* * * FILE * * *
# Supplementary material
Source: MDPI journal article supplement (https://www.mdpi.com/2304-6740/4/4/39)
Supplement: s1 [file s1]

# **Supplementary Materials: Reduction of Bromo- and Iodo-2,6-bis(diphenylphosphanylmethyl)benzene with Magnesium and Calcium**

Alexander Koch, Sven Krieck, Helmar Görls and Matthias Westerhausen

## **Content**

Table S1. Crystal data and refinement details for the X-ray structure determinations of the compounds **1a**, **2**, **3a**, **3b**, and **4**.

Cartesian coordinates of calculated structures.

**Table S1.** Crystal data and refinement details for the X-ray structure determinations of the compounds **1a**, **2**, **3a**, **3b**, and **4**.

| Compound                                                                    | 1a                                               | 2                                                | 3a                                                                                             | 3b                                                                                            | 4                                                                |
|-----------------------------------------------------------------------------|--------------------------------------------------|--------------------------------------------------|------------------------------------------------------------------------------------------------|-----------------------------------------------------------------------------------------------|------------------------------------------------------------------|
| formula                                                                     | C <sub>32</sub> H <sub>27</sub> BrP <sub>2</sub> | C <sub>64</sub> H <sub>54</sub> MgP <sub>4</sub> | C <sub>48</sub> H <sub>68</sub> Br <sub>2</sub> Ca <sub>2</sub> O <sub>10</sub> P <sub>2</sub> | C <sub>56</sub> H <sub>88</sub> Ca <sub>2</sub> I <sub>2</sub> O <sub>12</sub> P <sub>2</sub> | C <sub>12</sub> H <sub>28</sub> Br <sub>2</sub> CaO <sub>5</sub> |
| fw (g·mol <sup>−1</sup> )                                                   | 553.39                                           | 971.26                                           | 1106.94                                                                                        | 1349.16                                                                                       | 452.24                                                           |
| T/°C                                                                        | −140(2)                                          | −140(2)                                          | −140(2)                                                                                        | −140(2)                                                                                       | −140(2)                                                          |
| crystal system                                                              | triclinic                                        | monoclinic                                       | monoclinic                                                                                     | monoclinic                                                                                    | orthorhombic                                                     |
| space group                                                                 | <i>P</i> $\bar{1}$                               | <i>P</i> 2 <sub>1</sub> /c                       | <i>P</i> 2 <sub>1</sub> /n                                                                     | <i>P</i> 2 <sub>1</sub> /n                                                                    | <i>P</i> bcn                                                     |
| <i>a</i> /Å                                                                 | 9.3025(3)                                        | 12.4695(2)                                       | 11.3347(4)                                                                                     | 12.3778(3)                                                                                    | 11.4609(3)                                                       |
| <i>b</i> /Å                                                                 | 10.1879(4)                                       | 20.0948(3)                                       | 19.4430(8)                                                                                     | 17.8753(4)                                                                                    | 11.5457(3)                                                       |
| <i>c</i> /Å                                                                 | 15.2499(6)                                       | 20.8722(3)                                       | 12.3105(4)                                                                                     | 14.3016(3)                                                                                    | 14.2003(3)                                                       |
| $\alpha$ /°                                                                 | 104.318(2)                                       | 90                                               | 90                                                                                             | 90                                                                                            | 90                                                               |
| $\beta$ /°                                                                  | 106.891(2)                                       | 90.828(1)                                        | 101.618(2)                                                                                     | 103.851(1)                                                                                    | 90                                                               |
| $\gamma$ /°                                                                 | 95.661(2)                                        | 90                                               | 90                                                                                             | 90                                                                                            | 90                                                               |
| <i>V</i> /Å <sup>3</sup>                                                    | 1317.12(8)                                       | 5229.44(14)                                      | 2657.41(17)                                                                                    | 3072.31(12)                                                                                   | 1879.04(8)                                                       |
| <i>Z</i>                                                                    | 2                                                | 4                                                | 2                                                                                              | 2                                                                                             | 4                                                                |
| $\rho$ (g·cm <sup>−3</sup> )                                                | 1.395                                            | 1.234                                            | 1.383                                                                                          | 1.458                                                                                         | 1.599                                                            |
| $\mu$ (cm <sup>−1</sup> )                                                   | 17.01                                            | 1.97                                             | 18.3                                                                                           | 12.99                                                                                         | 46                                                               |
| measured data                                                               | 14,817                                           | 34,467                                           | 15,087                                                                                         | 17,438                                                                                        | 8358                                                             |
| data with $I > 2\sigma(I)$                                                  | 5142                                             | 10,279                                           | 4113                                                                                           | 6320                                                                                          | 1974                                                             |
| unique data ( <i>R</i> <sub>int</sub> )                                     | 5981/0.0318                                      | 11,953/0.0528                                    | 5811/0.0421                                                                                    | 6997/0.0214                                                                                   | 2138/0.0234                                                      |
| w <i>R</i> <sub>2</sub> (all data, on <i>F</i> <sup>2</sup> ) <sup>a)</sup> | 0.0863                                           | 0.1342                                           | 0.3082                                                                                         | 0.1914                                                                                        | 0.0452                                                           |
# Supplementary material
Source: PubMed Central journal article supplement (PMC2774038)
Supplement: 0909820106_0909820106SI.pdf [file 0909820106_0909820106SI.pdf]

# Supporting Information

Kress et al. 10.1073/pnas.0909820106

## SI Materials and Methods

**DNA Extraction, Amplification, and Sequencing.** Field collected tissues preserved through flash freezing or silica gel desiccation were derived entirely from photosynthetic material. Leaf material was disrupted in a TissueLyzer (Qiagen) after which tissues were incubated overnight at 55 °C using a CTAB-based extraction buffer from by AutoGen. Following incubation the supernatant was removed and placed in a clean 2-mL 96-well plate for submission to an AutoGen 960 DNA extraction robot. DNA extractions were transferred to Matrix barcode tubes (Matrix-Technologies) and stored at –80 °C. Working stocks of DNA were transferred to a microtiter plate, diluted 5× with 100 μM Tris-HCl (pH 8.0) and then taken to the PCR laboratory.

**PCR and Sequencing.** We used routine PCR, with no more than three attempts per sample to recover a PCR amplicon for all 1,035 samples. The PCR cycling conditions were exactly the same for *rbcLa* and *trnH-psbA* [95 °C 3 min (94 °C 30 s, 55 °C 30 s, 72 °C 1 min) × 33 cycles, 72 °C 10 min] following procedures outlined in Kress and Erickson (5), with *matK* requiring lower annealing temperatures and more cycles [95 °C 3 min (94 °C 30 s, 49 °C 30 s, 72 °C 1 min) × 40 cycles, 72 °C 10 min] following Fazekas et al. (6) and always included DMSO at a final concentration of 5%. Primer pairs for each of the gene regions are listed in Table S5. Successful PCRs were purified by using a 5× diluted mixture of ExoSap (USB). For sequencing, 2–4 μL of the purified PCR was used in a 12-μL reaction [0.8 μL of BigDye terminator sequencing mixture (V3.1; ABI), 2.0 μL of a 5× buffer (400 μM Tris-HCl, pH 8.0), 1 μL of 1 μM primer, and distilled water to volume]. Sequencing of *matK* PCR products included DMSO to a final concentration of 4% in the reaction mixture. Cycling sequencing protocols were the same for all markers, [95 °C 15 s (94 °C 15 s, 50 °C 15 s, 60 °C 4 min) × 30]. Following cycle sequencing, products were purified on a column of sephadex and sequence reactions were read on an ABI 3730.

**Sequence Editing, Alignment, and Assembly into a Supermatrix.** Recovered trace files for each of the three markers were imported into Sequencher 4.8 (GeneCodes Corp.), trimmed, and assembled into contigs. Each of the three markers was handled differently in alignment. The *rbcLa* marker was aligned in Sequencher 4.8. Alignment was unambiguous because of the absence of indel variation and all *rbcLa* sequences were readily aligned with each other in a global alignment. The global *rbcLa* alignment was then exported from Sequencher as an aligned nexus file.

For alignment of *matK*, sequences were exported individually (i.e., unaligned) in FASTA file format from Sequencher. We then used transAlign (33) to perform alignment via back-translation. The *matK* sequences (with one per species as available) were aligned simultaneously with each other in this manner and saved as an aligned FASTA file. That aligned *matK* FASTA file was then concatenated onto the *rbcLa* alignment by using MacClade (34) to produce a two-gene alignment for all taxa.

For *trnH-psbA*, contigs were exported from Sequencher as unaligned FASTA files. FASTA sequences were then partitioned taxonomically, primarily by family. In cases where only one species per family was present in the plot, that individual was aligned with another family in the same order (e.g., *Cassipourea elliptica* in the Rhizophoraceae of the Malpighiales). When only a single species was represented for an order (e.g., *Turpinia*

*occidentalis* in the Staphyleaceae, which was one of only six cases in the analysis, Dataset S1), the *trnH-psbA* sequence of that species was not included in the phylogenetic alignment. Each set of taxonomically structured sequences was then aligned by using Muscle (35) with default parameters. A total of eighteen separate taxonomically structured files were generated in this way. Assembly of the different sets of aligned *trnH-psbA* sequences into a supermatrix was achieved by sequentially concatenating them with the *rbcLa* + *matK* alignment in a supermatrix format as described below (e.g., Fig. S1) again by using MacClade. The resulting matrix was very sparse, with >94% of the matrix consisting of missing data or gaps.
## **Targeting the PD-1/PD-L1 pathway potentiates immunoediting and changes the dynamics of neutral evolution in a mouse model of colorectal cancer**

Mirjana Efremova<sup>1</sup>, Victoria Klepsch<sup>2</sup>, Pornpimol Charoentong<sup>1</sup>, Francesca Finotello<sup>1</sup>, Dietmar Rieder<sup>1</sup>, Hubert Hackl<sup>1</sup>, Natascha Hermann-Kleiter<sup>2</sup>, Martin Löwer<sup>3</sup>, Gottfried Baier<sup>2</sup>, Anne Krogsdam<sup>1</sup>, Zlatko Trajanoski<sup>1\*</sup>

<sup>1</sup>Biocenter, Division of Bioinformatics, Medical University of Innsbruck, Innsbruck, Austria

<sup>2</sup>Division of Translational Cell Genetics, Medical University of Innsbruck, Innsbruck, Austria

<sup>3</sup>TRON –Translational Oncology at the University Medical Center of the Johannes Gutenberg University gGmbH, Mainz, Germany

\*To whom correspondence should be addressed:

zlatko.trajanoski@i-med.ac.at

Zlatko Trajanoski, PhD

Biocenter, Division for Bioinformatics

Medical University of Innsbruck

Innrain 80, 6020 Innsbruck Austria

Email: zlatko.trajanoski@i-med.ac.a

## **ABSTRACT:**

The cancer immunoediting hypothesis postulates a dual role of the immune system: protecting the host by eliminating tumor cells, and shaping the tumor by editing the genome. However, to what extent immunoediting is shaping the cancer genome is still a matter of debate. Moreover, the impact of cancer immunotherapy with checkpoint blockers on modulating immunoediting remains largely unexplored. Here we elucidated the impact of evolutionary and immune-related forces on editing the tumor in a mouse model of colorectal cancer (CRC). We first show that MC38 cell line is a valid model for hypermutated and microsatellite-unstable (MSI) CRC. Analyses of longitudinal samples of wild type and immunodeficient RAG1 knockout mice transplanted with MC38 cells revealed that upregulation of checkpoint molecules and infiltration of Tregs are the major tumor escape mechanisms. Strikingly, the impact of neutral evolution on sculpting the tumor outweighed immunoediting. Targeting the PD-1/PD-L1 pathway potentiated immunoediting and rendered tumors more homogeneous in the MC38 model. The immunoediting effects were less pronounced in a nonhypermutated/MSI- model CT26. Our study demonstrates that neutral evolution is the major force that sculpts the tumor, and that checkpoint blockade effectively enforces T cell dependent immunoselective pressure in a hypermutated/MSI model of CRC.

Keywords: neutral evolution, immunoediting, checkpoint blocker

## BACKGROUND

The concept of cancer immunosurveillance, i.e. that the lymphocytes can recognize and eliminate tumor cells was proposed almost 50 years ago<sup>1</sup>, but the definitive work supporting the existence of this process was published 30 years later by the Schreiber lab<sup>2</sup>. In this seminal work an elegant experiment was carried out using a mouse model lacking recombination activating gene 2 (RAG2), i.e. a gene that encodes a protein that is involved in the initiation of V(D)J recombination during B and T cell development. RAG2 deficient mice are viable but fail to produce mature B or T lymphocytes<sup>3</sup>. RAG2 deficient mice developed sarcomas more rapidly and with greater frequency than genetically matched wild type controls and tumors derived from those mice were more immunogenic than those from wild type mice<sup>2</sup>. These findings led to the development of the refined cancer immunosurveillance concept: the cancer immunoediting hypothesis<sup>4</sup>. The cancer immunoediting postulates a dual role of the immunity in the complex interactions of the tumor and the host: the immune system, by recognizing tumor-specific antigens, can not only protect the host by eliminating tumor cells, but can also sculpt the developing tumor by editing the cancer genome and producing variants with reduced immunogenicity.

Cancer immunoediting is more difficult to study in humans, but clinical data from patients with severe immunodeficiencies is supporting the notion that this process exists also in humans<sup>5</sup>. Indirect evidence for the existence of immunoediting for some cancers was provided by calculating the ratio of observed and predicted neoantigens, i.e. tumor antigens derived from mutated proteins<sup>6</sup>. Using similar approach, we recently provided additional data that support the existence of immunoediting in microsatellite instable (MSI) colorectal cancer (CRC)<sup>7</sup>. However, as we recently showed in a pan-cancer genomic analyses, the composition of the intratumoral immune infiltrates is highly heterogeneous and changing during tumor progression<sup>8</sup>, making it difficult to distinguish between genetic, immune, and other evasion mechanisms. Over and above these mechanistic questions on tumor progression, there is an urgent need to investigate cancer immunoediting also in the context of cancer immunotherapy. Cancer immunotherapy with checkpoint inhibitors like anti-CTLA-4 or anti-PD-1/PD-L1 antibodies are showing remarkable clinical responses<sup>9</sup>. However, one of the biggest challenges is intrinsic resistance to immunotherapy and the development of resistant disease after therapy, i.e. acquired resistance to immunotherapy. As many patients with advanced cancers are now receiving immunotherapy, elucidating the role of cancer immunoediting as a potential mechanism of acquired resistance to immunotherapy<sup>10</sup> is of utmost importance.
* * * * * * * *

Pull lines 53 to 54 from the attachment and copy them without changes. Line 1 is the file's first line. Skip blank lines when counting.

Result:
Innrain 80, 6020 Innsbruck Austria

Email: zlatko.trajanoski@i-med.ac.a